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May Weed of the Month: Tree of Heaven

Tree of heaven (Ailanthus altissima) is a fast-growing, prolific seed producer that was listed in Minnesota as a Restricted Noxious Weed beginning in 2017. It is native to China and was brought to North America in the late 1700s as an ornamental shade tree. In urban areas, it can cause damage to sewers, pavement, and building foundations; in natural ecosystems, it can establish dense monocultures that outcompete native plants.

Tree of heaven looks similar to staghorn sumac, ash, and walnut trees. It can reach heights of 70 feet and has compound leaves that can be 1-4 feet in length with 11-41 leaflets. The flowers are small, yellowish-green, and arranged in large clusters at the ends of the leaves. It produces winged fruit similar to maple trees that hang in long clusters. The fast-growing, horizontal roots can send up new sprouts up to 90 feet from the parent stem. Tree of heaven also emits a strong, offensive odor that helps distinguish it from other plants.

Though there is only one documented tree of heaven in Minnesota, it has the potential to become invasive in the state. It is highly adaptable and tolerant of disturbance. Because of its tolerance to pollution and tight rooting spaces, it has been planted in many urban areas. Several guidelines may be used to manage and prevent it from spreading:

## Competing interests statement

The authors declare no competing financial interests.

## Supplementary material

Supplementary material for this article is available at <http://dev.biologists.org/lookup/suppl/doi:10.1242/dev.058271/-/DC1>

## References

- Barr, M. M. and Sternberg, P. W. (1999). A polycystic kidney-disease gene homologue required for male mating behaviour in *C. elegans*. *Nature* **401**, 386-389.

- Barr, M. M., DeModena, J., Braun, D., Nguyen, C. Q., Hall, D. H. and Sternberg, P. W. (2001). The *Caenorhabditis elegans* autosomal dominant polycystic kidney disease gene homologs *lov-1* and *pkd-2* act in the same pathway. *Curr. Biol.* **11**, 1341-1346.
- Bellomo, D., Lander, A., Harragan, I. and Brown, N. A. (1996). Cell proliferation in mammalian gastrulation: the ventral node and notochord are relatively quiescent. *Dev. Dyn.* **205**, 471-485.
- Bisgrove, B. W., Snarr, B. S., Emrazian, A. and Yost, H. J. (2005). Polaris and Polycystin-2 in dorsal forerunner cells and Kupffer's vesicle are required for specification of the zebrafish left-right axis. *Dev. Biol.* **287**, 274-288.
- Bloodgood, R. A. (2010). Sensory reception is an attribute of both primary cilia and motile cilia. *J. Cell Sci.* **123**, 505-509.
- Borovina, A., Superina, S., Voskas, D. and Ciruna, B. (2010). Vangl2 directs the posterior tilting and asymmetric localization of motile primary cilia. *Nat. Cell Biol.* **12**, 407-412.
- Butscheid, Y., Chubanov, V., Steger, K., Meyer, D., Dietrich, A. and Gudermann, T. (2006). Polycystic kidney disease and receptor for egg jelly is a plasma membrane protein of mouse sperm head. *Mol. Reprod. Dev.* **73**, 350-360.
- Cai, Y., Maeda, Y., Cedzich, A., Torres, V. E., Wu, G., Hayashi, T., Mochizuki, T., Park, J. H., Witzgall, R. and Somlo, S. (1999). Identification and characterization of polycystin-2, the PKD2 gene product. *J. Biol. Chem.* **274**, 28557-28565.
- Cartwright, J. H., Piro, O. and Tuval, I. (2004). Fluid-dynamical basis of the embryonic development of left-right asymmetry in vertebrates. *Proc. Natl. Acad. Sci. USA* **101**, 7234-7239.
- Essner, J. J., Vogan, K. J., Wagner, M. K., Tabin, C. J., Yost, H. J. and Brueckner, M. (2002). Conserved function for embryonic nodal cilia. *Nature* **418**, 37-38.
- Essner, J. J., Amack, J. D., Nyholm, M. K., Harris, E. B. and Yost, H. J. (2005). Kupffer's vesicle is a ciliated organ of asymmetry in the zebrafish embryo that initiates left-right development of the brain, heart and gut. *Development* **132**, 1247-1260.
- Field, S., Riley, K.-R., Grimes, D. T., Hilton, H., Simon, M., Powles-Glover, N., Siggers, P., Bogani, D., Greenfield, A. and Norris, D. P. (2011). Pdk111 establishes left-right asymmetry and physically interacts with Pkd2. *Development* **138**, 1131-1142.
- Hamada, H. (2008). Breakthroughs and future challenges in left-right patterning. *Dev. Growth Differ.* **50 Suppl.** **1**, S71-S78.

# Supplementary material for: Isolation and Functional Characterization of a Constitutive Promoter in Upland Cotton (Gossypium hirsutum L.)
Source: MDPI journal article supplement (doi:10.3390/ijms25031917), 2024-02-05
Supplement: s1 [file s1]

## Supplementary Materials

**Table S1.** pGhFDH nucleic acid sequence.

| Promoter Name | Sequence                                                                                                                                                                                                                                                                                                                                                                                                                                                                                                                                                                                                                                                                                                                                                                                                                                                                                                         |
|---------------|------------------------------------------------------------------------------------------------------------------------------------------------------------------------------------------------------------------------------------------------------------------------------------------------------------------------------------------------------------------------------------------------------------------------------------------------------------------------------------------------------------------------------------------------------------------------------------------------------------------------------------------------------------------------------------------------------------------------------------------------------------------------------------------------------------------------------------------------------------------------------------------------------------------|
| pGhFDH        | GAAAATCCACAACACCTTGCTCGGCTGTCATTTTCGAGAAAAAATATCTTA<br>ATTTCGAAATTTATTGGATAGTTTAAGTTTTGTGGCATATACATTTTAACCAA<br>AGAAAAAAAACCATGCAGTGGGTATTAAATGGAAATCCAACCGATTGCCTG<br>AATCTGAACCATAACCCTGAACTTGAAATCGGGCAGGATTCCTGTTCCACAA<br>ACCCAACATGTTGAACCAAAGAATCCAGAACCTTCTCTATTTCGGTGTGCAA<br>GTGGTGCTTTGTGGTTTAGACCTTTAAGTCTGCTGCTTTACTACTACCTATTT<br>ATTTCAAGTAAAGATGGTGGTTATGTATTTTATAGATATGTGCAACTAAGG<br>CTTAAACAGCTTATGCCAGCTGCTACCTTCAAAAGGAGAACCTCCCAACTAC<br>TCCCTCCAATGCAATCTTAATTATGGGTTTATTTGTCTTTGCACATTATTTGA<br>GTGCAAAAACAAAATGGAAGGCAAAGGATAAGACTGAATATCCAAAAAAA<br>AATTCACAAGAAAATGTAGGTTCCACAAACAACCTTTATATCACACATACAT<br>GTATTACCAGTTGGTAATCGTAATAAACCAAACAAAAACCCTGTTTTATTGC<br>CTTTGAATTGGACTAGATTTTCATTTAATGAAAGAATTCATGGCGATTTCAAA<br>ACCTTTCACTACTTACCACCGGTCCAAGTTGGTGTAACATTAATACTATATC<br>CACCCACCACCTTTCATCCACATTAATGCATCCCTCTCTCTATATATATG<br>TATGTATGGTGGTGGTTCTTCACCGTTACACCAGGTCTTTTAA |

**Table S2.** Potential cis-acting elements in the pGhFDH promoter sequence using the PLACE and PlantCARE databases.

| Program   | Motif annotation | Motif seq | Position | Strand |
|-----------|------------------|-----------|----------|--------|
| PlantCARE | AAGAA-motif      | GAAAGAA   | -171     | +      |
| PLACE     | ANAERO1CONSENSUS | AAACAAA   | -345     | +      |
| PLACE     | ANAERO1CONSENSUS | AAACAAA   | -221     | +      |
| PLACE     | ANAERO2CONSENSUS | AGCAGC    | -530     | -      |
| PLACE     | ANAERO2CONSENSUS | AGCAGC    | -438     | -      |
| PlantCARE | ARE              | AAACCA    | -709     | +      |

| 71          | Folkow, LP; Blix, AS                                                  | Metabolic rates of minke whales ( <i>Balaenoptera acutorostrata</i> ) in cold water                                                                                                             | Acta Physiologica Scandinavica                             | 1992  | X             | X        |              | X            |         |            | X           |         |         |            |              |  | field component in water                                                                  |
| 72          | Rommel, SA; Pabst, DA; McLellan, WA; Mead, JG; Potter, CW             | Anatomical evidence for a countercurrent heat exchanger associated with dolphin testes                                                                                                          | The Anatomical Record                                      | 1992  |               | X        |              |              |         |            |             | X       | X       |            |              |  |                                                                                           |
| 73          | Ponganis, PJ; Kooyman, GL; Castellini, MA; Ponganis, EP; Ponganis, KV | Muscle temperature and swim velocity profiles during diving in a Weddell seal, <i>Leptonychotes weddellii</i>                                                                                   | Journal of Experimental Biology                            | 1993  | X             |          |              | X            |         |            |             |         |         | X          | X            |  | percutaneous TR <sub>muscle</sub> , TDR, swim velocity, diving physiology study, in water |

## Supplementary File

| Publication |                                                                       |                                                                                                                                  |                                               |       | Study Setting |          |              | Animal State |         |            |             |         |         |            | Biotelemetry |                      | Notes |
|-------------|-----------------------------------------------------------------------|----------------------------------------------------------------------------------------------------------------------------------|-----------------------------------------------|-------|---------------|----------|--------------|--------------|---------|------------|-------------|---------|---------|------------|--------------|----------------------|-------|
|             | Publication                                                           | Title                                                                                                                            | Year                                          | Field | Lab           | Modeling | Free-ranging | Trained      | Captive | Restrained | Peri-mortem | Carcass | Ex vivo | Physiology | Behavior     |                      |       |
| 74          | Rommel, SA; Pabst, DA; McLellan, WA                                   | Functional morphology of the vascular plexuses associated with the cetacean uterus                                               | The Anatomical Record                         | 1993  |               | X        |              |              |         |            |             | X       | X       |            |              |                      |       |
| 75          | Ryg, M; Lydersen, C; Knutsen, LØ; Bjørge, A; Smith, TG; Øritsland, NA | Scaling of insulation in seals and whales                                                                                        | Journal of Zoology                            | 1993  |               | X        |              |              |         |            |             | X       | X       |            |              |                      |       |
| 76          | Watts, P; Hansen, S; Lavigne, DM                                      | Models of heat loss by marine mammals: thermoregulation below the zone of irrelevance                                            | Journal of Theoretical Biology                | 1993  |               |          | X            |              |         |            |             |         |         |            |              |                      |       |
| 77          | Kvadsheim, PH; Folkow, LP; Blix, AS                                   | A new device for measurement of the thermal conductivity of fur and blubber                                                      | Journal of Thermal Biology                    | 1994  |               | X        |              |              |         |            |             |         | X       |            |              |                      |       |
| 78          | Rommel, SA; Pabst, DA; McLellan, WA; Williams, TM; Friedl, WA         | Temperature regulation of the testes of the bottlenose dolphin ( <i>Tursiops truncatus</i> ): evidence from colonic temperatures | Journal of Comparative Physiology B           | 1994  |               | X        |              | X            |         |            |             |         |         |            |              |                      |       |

• Once established, tree of heaven is difficult to control. For all management options, infestation sites will need to be monitored and treated repeatedly until the seedbanks and rootstocks are depleted.

• Be sure to confirm identification before controlling, so you do not mistake a native species like staghorn sumac. Pay special attention to controlling female trees to reduce seed production.

• Do not plant tree of heaven or spread its seeds when moving soil from infested areas.

• Small infestations can be controlled manually by pulling and digging. Very young seedlings can be pulled easily by hand. Be sure to remove the entire root to prevent resprouting.

• Large infestations can be controlled with either foliar or cut-stem herbicide applications. For specific herbicide recommendations, contact your University of Minnesota Regional Extension Educator.


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